Pure win: Array.from and Array.of

Dmitry A. Soshnikov dmitry.soshnikov at gmail.com
Sun Jul 10 13:39:36 PDT 2011


On 11.07.2011 0:35, Brendan Eich wrote:
> On Jul 10, 2011, at 12:02 PM, Dmitry A. Soshnikov wrote:
>
>> On 10.07.2011 22:44, Brendan Eich wrote:
>>> On Jul 10, 2011, at 10:40 AM, Dmitry A. Soshnikov wrote:
>>>
>>>> On 10.07.2011 21:23, Brendan Eich wrote:
>>>>> On Jul 10, 2011, at 10:18 AM, Rick Waldron wrote:
>>>>>
>>>>>> The more I think about it, I still can't come up with any really 
>>>>>> exciting use cases where Array.of <http://Array.of/> would 
>>>>>> outshine anything that already exists. I say strike it from the 
>>>>>> wishlist.
>>>>>
>>>>> Higher-order programming with Array as constructing-function bites 
>>>>> back for the single-number-argument case. That's where Array.of helps.
>>>>>
>>>>
>>>> You mean when `Array` itself is passed as an argument?
>>>>
>>>> var o = (function (ArrayConstructor, ...rest) {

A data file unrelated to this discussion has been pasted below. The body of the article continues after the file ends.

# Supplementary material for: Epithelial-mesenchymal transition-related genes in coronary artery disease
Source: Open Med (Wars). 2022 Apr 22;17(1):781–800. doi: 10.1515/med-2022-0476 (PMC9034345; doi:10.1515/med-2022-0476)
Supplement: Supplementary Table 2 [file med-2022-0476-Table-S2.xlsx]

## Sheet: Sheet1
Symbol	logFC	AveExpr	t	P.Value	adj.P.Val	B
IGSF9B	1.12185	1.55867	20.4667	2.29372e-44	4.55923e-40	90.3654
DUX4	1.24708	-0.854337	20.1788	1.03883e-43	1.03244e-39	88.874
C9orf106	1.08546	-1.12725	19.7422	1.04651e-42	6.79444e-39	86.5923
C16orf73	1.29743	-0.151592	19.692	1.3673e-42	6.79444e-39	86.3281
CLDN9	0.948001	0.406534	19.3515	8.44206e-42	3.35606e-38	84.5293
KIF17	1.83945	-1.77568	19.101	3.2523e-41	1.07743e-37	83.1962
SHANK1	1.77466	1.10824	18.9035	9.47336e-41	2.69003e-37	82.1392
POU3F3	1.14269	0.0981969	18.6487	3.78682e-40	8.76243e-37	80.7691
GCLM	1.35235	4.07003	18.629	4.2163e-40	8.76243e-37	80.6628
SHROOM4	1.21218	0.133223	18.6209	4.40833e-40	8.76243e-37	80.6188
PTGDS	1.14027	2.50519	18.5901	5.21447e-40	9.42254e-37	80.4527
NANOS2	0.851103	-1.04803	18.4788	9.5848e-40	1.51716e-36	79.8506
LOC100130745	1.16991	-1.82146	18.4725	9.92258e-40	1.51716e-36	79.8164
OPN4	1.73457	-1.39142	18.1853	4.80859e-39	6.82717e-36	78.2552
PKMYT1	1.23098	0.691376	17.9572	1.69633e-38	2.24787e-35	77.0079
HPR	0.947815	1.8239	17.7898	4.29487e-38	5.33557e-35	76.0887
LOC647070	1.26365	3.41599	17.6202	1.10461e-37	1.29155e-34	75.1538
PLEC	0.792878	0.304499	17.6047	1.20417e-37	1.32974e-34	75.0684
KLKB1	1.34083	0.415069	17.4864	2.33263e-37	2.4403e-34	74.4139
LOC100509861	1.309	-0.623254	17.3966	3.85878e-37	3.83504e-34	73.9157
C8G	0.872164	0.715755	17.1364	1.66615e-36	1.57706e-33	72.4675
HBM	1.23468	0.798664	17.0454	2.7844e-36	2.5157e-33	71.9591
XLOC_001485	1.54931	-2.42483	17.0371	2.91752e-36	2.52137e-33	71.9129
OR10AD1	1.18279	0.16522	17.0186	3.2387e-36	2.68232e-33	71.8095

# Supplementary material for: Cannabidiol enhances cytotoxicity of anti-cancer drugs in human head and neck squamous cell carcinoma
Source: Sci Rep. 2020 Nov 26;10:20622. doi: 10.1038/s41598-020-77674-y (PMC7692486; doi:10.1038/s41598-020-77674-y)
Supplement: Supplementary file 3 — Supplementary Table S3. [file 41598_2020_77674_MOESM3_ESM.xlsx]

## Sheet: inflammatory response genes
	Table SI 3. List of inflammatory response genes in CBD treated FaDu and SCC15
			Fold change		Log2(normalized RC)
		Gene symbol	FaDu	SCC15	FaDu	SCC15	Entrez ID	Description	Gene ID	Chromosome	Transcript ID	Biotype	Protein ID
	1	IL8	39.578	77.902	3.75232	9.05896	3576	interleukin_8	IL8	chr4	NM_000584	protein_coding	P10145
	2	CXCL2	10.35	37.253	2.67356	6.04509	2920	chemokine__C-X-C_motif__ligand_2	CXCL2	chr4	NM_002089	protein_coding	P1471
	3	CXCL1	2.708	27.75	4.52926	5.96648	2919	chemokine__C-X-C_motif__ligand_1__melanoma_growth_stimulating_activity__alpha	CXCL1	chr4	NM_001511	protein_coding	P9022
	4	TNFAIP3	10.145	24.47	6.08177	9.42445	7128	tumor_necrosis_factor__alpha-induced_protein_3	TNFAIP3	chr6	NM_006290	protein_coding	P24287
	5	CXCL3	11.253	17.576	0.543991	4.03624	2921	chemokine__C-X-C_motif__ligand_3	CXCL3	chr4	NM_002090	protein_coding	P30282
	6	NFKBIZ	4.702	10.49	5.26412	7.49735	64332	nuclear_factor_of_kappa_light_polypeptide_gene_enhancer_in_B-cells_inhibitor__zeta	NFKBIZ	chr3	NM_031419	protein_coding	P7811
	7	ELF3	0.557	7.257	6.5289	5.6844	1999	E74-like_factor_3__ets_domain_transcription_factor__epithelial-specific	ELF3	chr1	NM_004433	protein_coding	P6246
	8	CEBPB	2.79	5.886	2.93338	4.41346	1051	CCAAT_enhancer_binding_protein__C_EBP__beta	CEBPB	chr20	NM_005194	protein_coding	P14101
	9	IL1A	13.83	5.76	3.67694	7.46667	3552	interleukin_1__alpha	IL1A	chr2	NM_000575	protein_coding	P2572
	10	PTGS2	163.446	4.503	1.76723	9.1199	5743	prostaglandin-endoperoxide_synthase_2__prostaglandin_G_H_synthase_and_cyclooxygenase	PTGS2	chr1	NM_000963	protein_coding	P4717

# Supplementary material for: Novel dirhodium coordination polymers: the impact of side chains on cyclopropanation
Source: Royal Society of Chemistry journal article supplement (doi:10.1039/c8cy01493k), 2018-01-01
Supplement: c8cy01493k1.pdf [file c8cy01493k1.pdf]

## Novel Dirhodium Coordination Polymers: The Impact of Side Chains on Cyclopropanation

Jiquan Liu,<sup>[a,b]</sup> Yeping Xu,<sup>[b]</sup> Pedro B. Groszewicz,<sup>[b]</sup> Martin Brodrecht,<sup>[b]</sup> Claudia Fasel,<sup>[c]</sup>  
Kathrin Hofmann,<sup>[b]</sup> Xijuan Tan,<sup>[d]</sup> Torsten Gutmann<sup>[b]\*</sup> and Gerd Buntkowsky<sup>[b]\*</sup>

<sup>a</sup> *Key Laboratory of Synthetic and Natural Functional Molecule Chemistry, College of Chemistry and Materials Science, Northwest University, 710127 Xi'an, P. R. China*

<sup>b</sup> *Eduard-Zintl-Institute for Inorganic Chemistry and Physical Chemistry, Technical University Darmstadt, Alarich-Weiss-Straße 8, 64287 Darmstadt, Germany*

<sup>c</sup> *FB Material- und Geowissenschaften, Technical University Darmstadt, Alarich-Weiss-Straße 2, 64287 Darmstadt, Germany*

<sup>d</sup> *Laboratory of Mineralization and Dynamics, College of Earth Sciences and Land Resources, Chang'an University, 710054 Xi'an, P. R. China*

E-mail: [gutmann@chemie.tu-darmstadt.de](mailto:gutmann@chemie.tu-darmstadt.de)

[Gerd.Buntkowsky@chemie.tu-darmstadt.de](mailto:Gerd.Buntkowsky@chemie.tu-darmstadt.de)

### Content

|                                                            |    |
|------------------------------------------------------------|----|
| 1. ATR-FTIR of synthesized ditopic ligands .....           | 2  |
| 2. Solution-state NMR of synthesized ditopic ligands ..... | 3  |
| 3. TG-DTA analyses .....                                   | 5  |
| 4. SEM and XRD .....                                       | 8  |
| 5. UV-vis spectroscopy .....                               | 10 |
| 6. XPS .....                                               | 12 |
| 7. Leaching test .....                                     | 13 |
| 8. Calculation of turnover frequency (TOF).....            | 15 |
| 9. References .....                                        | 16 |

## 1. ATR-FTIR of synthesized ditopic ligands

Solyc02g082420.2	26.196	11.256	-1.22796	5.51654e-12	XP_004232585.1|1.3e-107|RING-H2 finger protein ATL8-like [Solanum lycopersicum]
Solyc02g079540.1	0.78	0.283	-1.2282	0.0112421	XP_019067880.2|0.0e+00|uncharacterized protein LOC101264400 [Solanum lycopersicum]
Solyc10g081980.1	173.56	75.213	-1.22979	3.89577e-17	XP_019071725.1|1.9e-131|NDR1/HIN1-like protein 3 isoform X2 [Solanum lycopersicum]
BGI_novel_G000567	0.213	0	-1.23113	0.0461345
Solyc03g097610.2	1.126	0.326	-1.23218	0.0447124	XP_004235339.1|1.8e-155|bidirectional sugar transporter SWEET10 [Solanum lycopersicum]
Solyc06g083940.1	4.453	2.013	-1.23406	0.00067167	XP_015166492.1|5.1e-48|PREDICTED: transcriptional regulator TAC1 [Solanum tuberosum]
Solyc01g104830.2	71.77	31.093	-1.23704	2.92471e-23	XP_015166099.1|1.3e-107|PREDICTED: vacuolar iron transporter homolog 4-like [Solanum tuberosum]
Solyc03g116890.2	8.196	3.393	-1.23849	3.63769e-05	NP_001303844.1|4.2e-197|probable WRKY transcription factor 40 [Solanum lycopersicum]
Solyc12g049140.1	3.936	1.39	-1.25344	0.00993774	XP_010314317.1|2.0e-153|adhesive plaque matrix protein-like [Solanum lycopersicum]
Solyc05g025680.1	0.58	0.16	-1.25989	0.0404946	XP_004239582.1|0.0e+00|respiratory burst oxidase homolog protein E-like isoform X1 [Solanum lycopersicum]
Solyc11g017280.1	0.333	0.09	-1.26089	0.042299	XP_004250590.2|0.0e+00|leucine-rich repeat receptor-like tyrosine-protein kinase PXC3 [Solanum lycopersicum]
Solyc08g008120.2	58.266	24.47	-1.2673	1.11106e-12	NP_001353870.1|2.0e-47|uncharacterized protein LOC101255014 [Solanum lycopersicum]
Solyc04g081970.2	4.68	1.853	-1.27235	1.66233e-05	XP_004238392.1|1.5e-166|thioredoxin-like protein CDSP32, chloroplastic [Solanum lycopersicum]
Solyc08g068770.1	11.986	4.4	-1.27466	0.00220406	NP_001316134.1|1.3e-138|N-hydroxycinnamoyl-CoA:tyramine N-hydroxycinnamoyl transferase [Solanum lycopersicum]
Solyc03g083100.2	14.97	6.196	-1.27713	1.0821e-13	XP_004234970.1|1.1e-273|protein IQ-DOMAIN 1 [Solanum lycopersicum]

>>>>     return ArrayConstructor(...rest);
>>>> })(Array, 10, 20, 30);
>>>
>>> Yes. Now consider the case where you leave out the 20 and 30.
>>>
>>
>> return ArrayConstructor(rest[0]) ?
>
> The called function taking ArrayConstructor cannot assume it was 
> passed only one trailing parameter captured by ...rest!
>
>
>> May I ask to show nevertheless how you want to apply here Array.of?
>
> You would pass Array.of instead of Array, of course.
>

Yes, I've already realized it. Array.of is just a "fixed" version of 
Array. Though, I'm still thinking how rare/often these cases are.

>
>> P.S.:
>>
>> If this is a wish-list of extending standard array lib, we can 
>> consider also the following:
>
> A postscript is no place for more wish list items. See the subject: 
> and start a new thread.

Yes, OK, it will be better.

Dmitry.
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